Second opinions from cancer surgeons
Should I get a second opinion from another surgeon?
If an oncologist has referred you to a particular surgeon, you'll want to check out that surgeon's credentials and, if possible, interview her.
Whether you accept that surgeon depends on the type of cancer and how common the indicated surgical procedure is. If the cancer is in the early stage and the advised procedure is common, it may not be necessary to get a second opinion or to look for a specialist.
However, if the cancer is a rare type or has invaded the surrounding tissues in a way that makes the surgery tricky, it's a good idea to look for a surgeon who has extensive experience performing that specific type of surgery.
How will I know whether I have the right surgeon?
If you have a choice of surgeons, start by looking for someone who has treated the particular form of cancer. The questions you might ask when choosing a surgeon include:
- How often do you perform this type of surgery?
- How many of these procedures have you performed?
- What's the overall success rate for this type of surgery?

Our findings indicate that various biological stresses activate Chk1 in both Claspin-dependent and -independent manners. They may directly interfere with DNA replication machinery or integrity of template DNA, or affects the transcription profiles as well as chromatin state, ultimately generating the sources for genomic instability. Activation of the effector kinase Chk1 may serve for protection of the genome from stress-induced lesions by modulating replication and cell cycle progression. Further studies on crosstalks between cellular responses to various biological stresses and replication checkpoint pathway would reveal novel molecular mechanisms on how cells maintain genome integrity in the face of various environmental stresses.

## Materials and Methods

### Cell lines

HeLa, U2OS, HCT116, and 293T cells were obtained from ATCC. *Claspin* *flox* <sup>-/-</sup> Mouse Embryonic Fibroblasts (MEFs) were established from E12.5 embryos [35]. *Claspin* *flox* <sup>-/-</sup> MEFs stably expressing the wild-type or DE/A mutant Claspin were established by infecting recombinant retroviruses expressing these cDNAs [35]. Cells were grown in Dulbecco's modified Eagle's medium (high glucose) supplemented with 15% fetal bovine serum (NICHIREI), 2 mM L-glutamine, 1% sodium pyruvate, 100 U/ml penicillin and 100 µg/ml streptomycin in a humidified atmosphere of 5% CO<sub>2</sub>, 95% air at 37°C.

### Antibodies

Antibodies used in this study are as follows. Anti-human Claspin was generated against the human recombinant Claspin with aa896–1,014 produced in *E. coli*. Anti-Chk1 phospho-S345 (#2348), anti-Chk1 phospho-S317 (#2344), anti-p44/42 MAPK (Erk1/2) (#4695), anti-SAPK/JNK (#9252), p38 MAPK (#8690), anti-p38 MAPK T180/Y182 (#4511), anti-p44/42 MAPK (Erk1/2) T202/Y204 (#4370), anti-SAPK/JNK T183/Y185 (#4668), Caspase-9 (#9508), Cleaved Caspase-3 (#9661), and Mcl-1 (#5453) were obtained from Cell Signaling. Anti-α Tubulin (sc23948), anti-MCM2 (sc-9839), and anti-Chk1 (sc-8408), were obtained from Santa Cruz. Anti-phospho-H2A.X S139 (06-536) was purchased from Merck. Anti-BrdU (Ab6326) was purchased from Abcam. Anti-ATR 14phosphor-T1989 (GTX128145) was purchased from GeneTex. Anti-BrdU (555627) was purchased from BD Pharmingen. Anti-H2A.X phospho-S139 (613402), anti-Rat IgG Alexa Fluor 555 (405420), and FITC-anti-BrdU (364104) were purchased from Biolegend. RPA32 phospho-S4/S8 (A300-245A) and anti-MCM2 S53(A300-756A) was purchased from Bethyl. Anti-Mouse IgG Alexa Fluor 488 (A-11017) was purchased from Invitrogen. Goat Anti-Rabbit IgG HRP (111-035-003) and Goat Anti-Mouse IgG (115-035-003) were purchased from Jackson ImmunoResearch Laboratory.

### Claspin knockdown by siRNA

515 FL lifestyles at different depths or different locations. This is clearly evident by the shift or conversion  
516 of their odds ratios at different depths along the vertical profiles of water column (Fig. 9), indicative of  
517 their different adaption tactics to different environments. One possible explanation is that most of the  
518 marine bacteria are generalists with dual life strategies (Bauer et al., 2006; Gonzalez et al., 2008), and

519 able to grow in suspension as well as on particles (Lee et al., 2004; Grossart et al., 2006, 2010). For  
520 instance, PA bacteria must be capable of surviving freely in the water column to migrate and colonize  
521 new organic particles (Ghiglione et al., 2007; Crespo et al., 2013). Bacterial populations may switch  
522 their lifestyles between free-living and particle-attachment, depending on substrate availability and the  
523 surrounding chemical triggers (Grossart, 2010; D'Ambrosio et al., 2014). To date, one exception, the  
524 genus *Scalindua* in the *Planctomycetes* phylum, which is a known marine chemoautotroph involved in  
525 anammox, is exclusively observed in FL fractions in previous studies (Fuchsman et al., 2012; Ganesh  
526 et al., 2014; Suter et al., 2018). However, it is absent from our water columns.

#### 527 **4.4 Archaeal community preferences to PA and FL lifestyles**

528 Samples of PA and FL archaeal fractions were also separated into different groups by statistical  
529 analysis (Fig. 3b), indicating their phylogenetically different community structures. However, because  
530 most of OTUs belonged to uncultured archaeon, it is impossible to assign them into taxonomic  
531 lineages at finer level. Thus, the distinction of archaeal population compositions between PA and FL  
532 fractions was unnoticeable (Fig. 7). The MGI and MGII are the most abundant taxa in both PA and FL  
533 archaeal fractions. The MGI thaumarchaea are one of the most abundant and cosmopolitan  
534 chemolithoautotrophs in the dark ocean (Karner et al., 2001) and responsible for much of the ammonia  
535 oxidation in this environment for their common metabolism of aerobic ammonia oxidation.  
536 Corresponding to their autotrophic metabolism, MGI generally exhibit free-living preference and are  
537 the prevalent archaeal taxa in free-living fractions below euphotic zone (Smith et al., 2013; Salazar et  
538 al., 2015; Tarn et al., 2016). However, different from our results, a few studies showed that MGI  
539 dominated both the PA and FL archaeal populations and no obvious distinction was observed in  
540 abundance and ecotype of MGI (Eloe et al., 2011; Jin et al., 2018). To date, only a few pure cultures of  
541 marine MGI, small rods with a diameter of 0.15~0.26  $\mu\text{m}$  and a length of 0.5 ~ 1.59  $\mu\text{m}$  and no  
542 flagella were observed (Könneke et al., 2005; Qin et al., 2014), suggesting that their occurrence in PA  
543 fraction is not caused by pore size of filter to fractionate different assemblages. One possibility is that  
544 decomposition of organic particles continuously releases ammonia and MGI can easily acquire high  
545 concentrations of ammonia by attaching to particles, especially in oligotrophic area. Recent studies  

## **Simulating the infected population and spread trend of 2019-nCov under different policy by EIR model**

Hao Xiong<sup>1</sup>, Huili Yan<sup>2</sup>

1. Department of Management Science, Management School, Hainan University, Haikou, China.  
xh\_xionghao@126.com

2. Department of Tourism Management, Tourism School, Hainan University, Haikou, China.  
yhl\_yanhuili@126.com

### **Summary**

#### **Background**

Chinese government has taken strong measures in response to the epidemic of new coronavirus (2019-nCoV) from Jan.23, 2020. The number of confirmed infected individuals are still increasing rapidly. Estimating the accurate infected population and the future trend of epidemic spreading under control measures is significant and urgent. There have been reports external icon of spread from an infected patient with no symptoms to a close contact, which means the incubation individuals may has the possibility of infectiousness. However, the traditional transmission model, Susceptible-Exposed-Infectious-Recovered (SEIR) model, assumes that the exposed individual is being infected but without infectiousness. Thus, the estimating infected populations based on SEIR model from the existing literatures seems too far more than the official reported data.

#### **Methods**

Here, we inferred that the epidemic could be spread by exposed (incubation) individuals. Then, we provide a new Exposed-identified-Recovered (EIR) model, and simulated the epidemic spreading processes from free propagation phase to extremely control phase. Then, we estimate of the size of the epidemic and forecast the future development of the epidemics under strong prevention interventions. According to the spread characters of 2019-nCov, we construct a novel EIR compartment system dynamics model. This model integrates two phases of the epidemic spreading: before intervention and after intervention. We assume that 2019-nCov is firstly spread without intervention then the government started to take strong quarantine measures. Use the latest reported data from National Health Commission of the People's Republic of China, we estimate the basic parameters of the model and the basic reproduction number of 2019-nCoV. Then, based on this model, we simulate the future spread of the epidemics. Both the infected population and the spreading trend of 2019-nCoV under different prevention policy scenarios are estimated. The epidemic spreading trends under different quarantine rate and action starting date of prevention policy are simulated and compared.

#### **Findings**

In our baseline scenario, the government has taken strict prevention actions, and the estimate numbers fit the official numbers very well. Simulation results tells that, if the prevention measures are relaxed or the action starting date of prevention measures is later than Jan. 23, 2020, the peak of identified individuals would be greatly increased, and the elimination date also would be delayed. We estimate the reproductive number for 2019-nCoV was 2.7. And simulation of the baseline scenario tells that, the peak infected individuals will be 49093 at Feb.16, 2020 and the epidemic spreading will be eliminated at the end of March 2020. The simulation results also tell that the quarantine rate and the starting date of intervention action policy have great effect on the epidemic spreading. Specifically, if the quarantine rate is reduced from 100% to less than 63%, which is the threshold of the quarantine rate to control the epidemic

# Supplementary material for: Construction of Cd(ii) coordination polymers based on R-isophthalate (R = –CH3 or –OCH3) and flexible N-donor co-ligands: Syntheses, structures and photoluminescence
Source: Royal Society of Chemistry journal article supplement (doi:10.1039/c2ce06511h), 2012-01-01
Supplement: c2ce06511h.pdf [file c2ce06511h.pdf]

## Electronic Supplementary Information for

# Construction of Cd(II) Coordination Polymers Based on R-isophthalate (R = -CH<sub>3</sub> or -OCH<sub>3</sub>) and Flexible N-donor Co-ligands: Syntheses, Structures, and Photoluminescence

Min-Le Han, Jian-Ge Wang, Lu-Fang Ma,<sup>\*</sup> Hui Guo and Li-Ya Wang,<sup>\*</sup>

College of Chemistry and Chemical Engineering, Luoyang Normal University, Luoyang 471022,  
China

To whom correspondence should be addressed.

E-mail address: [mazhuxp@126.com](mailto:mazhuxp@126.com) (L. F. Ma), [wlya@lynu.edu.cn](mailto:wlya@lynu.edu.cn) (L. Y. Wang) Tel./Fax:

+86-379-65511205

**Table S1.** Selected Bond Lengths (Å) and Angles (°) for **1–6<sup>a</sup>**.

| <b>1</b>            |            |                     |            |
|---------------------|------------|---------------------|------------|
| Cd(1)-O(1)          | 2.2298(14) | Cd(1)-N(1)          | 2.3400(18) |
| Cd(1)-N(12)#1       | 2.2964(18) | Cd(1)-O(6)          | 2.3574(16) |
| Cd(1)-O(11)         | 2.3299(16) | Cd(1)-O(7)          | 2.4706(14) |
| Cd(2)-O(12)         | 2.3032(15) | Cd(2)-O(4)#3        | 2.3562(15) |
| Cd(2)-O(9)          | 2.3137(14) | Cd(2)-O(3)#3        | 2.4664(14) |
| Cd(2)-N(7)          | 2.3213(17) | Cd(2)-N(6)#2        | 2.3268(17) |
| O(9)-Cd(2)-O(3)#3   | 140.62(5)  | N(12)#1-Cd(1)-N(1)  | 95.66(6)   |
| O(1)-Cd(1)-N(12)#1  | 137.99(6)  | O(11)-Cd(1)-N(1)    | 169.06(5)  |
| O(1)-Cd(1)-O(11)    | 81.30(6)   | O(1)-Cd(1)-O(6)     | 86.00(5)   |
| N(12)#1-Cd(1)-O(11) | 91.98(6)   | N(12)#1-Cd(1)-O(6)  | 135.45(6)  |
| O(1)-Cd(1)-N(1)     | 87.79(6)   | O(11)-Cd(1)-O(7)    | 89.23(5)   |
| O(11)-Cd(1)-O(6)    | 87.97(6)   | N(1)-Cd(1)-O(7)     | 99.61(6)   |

- What's the success rate for those surgeries that you've performed?
What else should I find out from the surgeon?
You'll want to talk to the surgeon about other issues, such as what to expect when the patient undergoes the procedure. This kind of information can affect important treatment decisions.
If the patient is extremely frail, for example, and you discover that the surgery is very demanding, the recovery time long, and the percentage of patients with positive outcomes low, you might rethink your treatment options. To zero in on this information, ask the surgeon to list all of the risks and complications, even rare ones, and also ask for a realistic estimate on recovery time.